Of particular note is the project commenced by the Law Commission of Canada (LCC) on vulnerable workers in 2004. This project was not yet complete when the LCC’s funding was eliminated. Nevertheless, its Discussion Paper offers insights into the ways in which the current regulatory framework fails to protect and support vulnerable workers, noting the following problems:
the regulatory framework has not kept up with the rise in precarious work and the more flexible forms of work being offered by employers;
enforcement of existing laws and regulations is not adequate to protect vulnerable workers;
supports provided to vulnerable workers are inadequate to enable them to transition to more stable and higher paying employment; and
existing laws and policies do not accommodate unpaid work obligations adequately. 
The Discussion Paper goes on to identify several possible directions for reform including increasing the incomes of low-paid workers, expanding labour laws to provide more protection for vulnerable workers, and connecting eligibility for benefits (such as Employment Insurance or Canada Pension Plan) to factors other than the employment relationship.
2. The Arthurs Report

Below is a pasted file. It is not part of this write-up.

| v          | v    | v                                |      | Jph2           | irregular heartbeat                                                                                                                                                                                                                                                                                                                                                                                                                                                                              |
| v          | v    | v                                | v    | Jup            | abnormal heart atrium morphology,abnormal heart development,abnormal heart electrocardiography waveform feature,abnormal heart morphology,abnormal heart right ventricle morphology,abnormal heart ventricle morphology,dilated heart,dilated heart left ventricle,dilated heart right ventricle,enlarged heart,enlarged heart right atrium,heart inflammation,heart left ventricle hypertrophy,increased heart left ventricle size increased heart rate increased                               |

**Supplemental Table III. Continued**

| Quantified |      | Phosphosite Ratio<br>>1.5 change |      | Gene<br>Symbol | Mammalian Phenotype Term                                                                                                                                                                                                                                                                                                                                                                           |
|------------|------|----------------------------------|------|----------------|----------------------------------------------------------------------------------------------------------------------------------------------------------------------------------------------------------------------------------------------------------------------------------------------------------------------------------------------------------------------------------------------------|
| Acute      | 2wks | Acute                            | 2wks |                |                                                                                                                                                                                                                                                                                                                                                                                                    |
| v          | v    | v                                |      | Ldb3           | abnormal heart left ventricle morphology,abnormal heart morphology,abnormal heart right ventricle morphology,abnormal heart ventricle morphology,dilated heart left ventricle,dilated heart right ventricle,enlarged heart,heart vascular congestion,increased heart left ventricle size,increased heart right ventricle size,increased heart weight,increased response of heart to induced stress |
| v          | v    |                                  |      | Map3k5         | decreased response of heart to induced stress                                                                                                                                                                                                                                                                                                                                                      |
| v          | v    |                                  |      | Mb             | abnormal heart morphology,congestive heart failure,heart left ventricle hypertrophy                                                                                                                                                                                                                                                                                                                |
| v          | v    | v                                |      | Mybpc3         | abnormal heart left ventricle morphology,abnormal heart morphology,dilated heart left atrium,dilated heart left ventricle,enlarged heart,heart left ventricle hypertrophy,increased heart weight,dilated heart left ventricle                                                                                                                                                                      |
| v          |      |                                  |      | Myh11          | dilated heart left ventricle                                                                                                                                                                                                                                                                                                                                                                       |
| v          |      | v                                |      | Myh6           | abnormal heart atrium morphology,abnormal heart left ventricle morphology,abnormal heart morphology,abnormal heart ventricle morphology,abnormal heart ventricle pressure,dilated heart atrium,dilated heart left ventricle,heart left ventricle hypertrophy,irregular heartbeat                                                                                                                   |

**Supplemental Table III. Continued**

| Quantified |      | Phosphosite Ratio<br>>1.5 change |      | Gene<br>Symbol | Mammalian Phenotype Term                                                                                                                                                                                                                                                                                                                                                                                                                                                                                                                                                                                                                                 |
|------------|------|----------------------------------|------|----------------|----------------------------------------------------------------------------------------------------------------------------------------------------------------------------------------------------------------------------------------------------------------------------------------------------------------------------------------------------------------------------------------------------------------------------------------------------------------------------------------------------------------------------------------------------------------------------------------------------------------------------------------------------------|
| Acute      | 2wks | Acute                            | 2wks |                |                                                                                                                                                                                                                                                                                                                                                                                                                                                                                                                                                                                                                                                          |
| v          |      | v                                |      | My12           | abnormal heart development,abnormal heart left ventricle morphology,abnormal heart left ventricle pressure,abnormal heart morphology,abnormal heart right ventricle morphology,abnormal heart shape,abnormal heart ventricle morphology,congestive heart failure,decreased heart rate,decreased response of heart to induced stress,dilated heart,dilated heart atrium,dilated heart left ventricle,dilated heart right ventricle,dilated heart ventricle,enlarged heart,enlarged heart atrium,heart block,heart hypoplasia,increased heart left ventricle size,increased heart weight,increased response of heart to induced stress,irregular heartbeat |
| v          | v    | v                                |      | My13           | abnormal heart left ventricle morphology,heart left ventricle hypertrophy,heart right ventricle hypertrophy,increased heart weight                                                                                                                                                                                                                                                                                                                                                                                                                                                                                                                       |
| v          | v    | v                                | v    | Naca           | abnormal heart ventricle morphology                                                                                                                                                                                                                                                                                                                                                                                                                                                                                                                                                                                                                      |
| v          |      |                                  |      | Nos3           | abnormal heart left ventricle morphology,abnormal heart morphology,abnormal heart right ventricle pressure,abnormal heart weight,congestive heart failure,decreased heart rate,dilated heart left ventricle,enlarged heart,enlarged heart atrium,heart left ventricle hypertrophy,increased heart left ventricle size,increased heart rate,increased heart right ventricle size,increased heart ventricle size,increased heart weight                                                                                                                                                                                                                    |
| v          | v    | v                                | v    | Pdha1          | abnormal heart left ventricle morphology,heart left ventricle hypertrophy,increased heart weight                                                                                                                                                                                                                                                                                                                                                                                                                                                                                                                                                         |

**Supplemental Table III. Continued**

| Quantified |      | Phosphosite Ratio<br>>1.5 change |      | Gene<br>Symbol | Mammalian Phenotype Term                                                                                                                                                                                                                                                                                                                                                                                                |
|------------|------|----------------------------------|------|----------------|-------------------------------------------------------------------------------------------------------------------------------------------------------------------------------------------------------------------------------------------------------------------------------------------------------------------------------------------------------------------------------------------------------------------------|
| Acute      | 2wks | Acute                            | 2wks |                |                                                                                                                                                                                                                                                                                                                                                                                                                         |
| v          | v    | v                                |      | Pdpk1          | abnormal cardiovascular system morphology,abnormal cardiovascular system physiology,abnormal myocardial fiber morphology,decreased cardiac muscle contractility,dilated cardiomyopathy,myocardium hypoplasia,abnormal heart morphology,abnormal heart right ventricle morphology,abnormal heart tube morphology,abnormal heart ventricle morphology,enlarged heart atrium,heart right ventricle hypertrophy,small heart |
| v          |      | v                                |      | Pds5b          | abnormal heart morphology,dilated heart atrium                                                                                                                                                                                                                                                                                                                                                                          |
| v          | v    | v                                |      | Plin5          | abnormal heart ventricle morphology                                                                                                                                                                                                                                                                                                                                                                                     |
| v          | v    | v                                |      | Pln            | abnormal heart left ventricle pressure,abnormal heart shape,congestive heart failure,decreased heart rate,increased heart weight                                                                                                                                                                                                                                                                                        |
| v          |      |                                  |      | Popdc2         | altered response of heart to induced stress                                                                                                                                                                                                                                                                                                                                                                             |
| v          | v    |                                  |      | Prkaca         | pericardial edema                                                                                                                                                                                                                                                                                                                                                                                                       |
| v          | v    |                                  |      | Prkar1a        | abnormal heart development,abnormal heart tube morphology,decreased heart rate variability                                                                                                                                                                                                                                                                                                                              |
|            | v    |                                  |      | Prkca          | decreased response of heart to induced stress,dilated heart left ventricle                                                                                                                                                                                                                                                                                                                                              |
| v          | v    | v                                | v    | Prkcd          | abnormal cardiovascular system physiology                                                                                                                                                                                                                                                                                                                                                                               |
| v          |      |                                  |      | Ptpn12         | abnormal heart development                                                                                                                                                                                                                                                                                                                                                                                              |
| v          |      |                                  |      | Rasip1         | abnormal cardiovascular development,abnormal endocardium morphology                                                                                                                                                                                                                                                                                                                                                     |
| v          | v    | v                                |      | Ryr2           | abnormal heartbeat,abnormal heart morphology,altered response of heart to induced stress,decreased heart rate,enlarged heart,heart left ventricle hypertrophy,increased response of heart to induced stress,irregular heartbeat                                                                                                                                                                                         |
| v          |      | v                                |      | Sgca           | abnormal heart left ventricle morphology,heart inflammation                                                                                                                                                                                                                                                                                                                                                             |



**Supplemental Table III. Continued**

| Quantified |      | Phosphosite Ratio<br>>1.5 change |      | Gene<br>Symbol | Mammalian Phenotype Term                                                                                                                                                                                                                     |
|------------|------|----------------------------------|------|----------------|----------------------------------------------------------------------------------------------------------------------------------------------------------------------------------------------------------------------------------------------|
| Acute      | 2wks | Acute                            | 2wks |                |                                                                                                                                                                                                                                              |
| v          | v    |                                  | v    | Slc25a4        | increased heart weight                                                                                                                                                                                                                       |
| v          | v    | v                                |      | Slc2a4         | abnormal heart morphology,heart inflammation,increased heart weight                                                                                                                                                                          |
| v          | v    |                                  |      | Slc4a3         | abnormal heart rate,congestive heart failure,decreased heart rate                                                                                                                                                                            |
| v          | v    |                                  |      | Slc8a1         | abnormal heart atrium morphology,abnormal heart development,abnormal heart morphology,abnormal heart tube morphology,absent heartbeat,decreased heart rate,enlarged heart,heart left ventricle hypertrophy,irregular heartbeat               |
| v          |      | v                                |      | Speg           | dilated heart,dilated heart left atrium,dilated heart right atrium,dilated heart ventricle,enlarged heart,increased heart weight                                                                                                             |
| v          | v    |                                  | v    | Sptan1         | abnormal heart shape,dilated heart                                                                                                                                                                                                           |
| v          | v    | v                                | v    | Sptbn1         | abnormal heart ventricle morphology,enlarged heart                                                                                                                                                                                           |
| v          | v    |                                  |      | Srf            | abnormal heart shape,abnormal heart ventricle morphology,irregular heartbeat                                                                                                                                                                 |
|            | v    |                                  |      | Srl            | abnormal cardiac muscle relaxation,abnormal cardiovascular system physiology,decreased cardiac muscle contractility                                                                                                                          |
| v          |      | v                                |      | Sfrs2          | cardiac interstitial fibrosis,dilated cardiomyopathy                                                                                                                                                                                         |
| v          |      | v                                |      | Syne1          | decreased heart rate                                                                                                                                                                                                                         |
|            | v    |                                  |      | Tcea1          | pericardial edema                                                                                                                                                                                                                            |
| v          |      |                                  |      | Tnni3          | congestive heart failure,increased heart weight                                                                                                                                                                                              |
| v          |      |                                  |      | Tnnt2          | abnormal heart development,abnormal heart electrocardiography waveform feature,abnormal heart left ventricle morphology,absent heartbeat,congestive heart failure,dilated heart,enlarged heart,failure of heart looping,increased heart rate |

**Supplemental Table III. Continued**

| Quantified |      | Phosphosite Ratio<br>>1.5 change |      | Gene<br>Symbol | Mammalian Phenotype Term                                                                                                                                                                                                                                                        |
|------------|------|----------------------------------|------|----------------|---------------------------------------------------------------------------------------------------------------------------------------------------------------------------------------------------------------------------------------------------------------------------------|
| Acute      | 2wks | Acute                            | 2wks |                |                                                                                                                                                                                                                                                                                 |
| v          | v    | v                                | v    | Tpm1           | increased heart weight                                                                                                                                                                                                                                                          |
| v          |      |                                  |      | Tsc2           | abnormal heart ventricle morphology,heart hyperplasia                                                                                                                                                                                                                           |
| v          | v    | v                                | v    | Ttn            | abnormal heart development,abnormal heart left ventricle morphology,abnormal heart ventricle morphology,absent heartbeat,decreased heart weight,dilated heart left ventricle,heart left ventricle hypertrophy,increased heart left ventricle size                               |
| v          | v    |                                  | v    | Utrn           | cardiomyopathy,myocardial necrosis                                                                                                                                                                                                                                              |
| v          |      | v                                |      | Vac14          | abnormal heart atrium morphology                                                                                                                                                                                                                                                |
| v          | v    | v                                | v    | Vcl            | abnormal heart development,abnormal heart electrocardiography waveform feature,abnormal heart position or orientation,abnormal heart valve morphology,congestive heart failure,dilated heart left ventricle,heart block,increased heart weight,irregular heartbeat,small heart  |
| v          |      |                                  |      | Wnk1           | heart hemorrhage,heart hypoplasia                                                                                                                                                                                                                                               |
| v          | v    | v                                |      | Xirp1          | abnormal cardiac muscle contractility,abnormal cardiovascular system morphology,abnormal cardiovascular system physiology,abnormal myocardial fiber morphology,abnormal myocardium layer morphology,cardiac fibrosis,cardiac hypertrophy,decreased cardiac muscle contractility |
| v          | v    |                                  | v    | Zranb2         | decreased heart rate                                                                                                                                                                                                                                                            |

The 2006 Arthurs Report, Fairness at Work, also provides invaluable insight into the issues of the changing nature of work. Arthurs was commissioned by the federal government to review the labour standards contained in Part III of the Canada Labour Code. Many federally-regulated workplaces in Canada are large organizations such as banks, telecommunications firms, transportation and pipeline companies. As a result, there are relatively fewer low-paid and otherwise vulnerable workers under federal jurisdiction than under provincial jurisdiction. This fact, paired with the different regulatory regime governing federal workplaces, limits the degree to which Arthurs’ recommendations inform the LCO’s project. However, the Report does provide a comprehensive picture of the modern workplace and the social and economic trends influencing it.